Protection for Petras and carving out lanes for Goodson will be key, so figuring out the left tackle spot will be vital.

Shoring up the interior defensive line

The main defensive area Iowa needs to replenish in 2021 is the interior defensive line.

After a breakthrough season, Daviyon Nixon declared for the 2021 NFL Draft. Nixon amassed 5.5 sacks, 13.5 tackles for loss, a pick-6, and a forced fumble this season to earn first-team AP All-America honors.

Nixon made a major leap coming off of a sophomore year in which he tallied 3 sacks and 5.5 tackles for loss. ESPN draft guru Mel Kiper Jr. has Nixon as the No. 1 defensive tackle on his big board from Dec. 17.

Jack Heflin is also expected to depart. During his first season at Iowa, the senior transfer tallied 21 tackles and a sack.

Six-foot, 288-pound sophomore Noah Shannon makes the most sense of any returning option at left tackle. Shannon has previously served as a backup. I would give Shannon the initial nod because he has the potential to slot into the position and be a contributor.

Other options to consider include 6-5, 279-pound Yahya Black, 6-3, 267-pound Logan Jones and 6-2, 273-pound Isaiah Bruce.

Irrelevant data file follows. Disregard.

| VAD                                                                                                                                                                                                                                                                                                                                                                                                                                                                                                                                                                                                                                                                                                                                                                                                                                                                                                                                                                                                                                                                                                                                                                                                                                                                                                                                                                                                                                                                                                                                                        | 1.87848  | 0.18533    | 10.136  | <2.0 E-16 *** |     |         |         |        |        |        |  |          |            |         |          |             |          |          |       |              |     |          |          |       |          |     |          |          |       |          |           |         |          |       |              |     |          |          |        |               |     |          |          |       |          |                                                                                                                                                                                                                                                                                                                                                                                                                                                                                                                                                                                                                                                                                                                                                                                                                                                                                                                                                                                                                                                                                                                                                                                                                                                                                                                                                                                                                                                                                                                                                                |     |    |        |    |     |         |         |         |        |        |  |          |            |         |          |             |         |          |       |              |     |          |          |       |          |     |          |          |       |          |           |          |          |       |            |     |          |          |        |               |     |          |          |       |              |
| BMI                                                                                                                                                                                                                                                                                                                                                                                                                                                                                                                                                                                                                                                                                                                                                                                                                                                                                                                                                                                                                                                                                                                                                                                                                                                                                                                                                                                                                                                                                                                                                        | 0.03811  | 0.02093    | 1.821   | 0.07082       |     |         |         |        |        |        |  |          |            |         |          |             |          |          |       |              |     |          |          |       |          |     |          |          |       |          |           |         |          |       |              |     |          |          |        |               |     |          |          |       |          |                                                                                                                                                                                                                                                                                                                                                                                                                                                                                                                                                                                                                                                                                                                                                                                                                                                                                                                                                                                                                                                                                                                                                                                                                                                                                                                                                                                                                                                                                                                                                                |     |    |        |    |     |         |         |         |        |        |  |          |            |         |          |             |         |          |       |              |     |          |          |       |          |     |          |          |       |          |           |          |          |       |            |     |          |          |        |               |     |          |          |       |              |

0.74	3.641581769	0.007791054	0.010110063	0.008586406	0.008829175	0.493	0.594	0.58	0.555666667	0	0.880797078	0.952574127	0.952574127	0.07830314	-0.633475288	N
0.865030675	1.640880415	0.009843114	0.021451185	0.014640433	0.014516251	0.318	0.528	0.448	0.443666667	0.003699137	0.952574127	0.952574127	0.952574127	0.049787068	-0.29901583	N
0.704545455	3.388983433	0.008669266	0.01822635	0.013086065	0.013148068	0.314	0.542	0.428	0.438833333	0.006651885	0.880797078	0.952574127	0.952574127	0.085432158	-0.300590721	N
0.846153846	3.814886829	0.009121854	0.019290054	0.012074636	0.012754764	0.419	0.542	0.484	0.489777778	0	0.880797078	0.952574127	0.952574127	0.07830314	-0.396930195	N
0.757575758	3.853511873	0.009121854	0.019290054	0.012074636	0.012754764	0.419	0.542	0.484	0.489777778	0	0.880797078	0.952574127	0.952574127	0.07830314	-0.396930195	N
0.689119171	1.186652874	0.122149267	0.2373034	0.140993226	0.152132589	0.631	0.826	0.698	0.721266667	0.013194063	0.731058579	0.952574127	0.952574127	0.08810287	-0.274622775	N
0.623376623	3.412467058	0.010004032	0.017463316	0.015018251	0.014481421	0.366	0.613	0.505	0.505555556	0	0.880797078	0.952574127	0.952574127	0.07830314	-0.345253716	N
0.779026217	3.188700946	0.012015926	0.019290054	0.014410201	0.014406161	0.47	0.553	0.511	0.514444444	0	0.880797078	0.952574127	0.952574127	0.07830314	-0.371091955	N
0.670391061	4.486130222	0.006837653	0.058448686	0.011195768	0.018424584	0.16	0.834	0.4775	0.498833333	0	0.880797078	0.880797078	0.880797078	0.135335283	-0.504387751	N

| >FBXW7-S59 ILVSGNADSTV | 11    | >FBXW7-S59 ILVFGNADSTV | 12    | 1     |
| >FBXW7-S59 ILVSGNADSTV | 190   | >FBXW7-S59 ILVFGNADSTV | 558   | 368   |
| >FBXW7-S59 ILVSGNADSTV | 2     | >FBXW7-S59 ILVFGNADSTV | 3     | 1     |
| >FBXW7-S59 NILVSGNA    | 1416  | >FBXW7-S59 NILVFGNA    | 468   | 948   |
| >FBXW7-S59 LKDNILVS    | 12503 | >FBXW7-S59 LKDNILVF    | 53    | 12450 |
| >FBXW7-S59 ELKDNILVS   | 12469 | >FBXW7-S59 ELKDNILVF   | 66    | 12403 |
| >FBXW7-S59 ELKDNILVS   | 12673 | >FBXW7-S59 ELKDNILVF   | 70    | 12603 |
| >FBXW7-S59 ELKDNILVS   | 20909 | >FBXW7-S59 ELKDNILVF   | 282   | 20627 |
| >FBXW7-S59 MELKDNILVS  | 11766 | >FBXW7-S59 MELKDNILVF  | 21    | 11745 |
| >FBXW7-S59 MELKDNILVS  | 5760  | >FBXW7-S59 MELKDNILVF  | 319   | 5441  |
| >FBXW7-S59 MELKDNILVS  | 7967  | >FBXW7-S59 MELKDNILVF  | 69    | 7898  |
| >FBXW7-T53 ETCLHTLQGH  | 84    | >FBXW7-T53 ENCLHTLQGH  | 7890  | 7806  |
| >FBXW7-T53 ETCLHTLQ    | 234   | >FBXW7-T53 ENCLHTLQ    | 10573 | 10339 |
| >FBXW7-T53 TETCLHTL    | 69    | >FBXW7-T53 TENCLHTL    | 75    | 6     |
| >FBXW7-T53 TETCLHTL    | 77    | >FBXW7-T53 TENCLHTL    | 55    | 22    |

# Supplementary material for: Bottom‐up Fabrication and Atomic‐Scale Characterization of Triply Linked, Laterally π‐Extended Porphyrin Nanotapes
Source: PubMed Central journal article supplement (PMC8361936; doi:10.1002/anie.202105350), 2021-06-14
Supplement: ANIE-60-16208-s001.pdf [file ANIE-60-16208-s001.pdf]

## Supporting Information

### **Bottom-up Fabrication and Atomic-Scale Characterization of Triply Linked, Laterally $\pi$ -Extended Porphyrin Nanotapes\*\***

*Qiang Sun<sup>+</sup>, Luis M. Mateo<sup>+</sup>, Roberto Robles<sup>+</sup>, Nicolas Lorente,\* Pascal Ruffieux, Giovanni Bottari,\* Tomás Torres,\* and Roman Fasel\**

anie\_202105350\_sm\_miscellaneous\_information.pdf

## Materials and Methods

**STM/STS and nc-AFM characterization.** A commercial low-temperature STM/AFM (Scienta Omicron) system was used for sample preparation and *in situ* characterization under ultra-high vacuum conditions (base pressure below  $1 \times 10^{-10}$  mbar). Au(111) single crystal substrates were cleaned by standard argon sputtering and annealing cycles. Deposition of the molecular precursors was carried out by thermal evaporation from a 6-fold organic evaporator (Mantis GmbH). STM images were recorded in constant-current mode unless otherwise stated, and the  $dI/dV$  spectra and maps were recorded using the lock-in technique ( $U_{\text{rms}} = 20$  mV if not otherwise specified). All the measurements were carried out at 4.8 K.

The Iowa defensive line played an integral role in the unit’s stinginess last season. In order to have another dominant campaign, Iowa has to solidify the trenches.

Finding offensive snaps for Charlie Jones

Charlie Jones provided an excellent spark for Iowa as a punt returner, leading the B1G in yards per return. Jones had a spectacular 54-yard score vs. Michigan State. In that victory, Jones totaled 105 yards on his 5 punt returns.

Jones walked on at Iowa after transferring from Buffalo, and he flashed his potential at wide receiver last training camp with many acrobatic receptions.

The Iowa offense can be even more dynamic by carving out a role for Jones. Iowa offensive coordinator Brian Ferentz needs to devise creative ways to get the explosive Jones out in the open field where he can exploit mismatches.

Jones will have to vie against some talented receivers, such as freshman Keagan Johnson, to get reps. However, this is Jones’ time to shine and he’s prepared to seize this opportunity.

We already saw how electric Jones can be on special teams. B1G defenses could be in for trouble if Iowa unleashes Jones as an X-factor on offense.

Field goal kicking reliability

Departing senior Keith Duncan converted 14 of his 18 field goal tries and all 26 of his extra points in 2020. Duncan amassed 252 points during his 3 seasons at Iowa. Duncan was a consensus All-American in 2019 after setting a B1G record with 29 field goals. So yeah, he’ll be missed.

Caleb Shudak has been an admirable backup kicker during his career. If he returns as expected for a sixth season, he’ll need to make the transition seamlessly in order for Iowa to not regress in the kicking game. Shudak has served as Iowa’s kickoff man for the last two seasons.

Shudak might not rise to the lofty standard set by Duncan. However, as long as he’s serviceable and efficient, Iowa will have enough support to register enough points to be competitive in B1G play.